The Massachusetts Appeals Court yesterday ruled that Northeastern University police officers unconstitutionally detained a man who was later found to be carrying a handgun. The name of the case is Commonwealth v. Harris.
In September of 2015, several university police officers received a dispatch that two black men in their early 20s and wearing hoodies were “casing” bike racks near the library. There had been a recent history of bike thefts at that location. Twenty minutes after hearing the dispatch, the cops found the defendant and his male friend (who matched the description of the suspicious men) along with a female who had not been previously mentioned. The two men were riding bikes. Officers engaged the group in conversation and asked where they were coming from. They responded that they had just eaten at a local fast food restaurant. The cops asked the men to get off their bikes and they complied. In response to the officers’ questions, the men denied they had stolen the bikes. The defendant was asked if he had had previous problems with the cops, and he disclosed he was wearing a GPS monitor. At that point, the officers asked the three individuals to identify themselves. The defendant provided his name, date of birth, and address, while his friends provided identification cards. As one officer called the defendant’s information into dispatch, a second officer saw a knife clipped to the defendant’s waistband. The cops seized the knife and told the defendant he was going to be patfrisked. The defendant fled, dropping a gun in the process. He was ultimately apprehended and charged with unlawfully carrying a firearm. He filed a motion to suppress the gun, which was denied by a superior court judge. Following his conviction, he appealed and the Appeals Court concluded his motion to suppress should have been allowed.
There were two issues related to the defendant’s motion to suppress. The Court first needed to determine at what point the defendant had been seized, and second whether there was reasonable suspicion he was involved in criminal activity at the moment of his seizure. A seizure occurs for constitutional purposes when a reasonable person would not feel free to leave. Police officers are allowed to approach and talk to anyone on the street, and this does not constitute a seizure. But when the police conduct makes clear that a person will not be allowed to walk away, a seizure has occurred. In this case, the Court determined the three individuals were seized by the time they were asked to identify themselves. The men had already been ordered to get off their bikes, two of the three individuals had provided identification cards to the cops, and the defendant had given his identifying information, which was being confirmed with dispatch. Any reasonable person would have believed walking away from the cops at that moment was not an option.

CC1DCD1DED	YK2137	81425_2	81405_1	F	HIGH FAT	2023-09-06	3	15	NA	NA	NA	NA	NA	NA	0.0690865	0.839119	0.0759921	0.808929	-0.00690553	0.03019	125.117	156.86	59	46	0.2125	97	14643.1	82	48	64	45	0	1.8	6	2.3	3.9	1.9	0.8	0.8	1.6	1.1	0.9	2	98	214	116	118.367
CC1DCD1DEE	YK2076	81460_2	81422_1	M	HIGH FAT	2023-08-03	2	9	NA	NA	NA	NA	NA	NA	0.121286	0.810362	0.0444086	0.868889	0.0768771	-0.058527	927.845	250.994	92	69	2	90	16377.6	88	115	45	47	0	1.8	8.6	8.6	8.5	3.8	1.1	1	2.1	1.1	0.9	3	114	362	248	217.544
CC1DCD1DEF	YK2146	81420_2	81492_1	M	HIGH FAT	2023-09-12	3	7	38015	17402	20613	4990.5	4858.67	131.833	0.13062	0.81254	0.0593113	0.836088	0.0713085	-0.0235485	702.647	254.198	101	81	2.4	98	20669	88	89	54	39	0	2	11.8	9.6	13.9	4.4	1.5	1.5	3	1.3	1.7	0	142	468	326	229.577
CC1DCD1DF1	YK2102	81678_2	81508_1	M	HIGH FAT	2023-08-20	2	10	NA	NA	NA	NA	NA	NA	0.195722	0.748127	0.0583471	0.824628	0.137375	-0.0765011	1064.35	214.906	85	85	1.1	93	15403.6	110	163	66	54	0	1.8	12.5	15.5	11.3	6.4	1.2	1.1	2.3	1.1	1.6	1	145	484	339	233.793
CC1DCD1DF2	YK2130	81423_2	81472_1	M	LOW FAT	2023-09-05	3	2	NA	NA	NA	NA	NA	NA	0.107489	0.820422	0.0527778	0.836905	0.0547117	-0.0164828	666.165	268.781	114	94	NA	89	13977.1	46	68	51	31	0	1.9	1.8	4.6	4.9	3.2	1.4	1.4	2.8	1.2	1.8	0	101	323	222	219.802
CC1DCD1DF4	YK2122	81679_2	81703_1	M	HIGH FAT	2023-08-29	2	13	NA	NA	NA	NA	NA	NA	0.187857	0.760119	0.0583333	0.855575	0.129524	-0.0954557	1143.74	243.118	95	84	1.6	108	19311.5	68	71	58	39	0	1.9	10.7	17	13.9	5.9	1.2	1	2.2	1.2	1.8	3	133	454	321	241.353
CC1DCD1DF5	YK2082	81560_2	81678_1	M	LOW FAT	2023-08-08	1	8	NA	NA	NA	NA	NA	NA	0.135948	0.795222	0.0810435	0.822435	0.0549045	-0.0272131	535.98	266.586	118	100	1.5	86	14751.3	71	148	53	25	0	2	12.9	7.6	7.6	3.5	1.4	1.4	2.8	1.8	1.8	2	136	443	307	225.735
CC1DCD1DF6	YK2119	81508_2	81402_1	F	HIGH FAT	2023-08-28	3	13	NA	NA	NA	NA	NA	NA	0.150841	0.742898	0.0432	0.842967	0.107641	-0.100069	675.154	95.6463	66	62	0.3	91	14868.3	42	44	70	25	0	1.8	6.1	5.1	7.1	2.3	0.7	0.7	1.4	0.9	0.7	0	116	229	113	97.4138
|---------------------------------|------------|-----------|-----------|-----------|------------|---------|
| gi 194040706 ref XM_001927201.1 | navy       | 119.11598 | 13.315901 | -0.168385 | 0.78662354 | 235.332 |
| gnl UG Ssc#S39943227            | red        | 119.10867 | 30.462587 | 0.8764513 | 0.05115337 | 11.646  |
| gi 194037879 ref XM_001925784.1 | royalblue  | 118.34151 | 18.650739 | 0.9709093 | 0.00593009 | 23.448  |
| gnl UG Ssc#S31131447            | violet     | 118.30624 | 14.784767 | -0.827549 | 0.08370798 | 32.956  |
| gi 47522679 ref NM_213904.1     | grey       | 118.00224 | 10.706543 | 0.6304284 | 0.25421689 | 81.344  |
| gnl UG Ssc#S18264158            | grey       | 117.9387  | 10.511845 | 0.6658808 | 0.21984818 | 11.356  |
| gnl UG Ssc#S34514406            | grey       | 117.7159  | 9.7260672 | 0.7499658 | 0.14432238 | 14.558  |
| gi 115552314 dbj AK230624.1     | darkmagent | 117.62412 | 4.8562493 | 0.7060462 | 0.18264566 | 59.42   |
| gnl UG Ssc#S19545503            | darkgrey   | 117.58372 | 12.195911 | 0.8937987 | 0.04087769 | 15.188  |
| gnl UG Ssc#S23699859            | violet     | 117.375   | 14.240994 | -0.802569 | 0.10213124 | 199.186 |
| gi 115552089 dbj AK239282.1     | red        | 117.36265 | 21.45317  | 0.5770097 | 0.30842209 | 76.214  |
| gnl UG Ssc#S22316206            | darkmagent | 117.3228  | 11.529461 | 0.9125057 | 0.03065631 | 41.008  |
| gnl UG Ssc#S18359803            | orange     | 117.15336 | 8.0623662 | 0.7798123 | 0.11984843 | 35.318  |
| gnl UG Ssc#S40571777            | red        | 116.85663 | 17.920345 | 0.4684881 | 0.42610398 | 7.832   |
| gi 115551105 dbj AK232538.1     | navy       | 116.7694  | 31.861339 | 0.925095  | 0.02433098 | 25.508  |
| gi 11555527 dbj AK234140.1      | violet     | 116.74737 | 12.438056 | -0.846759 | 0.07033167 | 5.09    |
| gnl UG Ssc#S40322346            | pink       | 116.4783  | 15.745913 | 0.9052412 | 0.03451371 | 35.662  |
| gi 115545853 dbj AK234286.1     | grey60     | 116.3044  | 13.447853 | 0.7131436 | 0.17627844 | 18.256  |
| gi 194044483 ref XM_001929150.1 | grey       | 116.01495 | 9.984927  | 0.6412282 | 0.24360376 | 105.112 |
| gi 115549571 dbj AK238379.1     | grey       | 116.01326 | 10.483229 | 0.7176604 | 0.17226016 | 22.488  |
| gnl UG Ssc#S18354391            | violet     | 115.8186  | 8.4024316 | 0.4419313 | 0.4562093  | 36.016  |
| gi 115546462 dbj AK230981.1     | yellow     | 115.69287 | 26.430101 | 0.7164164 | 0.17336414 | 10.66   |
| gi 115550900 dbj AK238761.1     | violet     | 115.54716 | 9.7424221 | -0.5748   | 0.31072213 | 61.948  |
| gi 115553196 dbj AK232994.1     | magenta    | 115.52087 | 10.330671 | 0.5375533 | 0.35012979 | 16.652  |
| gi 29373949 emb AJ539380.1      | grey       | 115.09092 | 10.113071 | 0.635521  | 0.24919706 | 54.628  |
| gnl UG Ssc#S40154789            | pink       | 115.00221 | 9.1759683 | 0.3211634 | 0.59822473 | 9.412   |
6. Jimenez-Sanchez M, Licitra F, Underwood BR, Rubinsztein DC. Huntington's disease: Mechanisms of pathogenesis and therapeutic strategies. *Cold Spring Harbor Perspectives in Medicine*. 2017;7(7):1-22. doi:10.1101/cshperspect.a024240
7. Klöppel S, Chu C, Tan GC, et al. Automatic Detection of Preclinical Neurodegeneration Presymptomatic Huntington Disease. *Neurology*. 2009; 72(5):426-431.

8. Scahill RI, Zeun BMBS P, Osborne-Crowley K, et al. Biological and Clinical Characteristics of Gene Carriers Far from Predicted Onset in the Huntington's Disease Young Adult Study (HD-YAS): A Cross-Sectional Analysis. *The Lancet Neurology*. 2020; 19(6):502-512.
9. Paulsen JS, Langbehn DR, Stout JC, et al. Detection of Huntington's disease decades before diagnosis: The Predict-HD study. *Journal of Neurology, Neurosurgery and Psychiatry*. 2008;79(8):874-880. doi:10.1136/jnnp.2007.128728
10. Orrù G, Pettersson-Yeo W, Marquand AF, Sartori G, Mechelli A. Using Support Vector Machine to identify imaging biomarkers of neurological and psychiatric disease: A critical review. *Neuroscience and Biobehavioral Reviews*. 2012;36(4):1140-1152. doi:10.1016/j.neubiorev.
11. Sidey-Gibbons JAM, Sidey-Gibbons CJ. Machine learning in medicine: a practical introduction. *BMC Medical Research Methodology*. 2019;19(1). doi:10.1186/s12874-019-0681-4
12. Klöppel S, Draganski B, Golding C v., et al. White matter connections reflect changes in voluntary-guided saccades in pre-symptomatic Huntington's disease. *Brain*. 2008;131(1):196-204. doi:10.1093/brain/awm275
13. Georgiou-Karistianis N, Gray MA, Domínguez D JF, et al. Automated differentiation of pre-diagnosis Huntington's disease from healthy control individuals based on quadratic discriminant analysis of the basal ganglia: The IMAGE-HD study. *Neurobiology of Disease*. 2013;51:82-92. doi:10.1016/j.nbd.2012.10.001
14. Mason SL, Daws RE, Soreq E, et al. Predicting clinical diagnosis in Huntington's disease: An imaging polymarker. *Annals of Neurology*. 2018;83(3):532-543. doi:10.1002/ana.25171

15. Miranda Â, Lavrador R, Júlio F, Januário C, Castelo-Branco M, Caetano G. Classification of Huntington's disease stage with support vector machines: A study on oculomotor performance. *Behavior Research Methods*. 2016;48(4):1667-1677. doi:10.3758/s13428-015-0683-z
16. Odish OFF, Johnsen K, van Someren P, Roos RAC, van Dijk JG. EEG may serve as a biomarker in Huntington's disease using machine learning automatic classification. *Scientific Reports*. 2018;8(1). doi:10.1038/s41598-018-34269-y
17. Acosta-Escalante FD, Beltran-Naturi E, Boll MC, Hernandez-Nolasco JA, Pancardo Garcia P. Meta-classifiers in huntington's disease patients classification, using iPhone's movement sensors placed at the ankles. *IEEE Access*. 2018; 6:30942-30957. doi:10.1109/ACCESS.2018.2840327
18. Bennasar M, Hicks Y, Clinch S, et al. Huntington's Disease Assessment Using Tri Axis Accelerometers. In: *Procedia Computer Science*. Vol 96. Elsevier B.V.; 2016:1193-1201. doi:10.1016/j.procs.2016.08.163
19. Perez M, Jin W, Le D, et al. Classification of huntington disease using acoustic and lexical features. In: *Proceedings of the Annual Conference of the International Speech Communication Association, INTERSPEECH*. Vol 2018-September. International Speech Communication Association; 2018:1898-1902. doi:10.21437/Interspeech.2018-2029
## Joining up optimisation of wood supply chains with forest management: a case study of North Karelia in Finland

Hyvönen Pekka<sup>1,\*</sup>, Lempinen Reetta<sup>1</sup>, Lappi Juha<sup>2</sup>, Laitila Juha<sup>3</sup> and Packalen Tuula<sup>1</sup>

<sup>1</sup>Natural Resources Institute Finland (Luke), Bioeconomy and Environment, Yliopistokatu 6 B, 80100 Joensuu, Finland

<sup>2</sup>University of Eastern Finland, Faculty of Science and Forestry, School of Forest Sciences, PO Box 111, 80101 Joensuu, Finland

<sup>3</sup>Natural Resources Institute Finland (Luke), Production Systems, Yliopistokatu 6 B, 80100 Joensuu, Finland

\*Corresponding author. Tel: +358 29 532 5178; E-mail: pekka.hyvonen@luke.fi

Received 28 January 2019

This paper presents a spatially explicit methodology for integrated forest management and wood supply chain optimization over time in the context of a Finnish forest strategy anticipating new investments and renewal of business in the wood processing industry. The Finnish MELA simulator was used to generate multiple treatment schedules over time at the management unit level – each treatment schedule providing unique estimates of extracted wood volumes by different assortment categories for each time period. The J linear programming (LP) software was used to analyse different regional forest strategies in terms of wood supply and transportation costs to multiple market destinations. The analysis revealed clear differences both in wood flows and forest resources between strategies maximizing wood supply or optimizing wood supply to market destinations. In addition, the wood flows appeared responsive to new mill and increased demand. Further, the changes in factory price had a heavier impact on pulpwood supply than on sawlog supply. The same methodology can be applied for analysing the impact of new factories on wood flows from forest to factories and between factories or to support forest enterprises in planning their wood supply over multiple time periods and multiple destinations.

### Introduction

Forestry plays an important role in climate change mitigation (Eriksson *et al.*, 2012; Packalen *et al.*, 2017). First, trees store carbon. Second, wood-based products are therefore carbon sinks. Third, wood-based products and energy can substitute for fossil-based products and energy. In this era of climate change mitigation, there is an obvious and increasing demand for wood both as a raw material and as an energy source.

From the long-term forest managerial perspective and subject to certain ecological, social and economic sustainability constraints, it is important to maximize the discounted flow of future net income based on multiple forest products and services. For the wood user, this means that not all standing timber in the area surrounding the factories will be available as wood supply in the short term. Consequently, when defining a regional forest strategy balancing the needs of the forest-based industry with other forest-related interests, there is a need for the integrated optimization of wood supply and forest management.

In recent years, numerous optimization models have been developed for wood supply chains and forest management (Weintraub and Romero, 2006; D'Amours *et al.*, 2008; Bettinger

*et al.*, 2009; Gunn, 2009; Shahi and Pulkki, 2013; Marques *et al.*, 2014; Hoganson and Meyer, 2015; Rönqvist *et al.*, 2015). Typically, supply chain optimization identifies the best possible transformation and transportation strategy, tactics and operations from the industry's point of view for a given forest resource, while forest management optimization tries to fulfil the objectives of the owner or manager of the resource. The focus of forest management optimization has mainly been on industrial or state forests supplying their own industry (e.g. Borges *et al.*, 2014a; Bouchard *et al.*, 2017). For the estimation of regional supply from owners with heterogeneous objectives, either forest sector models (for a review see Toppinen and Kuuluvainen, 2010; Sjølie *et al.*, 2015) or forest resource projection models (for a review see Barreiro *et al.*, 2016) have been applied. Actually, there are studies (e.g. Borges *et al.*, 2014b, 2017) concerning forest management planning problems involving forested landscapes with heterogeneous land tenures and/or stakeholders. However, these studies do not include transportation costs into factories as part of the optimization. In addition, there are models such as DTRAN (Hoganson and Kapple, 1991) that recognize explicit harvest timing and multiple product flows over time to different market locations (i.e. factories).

The next question is whether the seizure was justified. In order to seize someone, the police must reasonably suspect the person has committed, is committing, or is about to commit a crime. While it was proper for the cops to approach the defendant and his friends and engage them in conversation, there was nothing about the conversation that allowed the cops to conclude the defendant was involved in criminal activity. There was no proof the bikes were stolen and there was no justification for the police to demand identification from any of the three individuals. Therefore, the defendant’s motion to suppress the gun should have been allowed.
The defendant will be sent back to the superior court for a new trial, but without the gun as evidence, the prosecution will likely have to dismiss the case.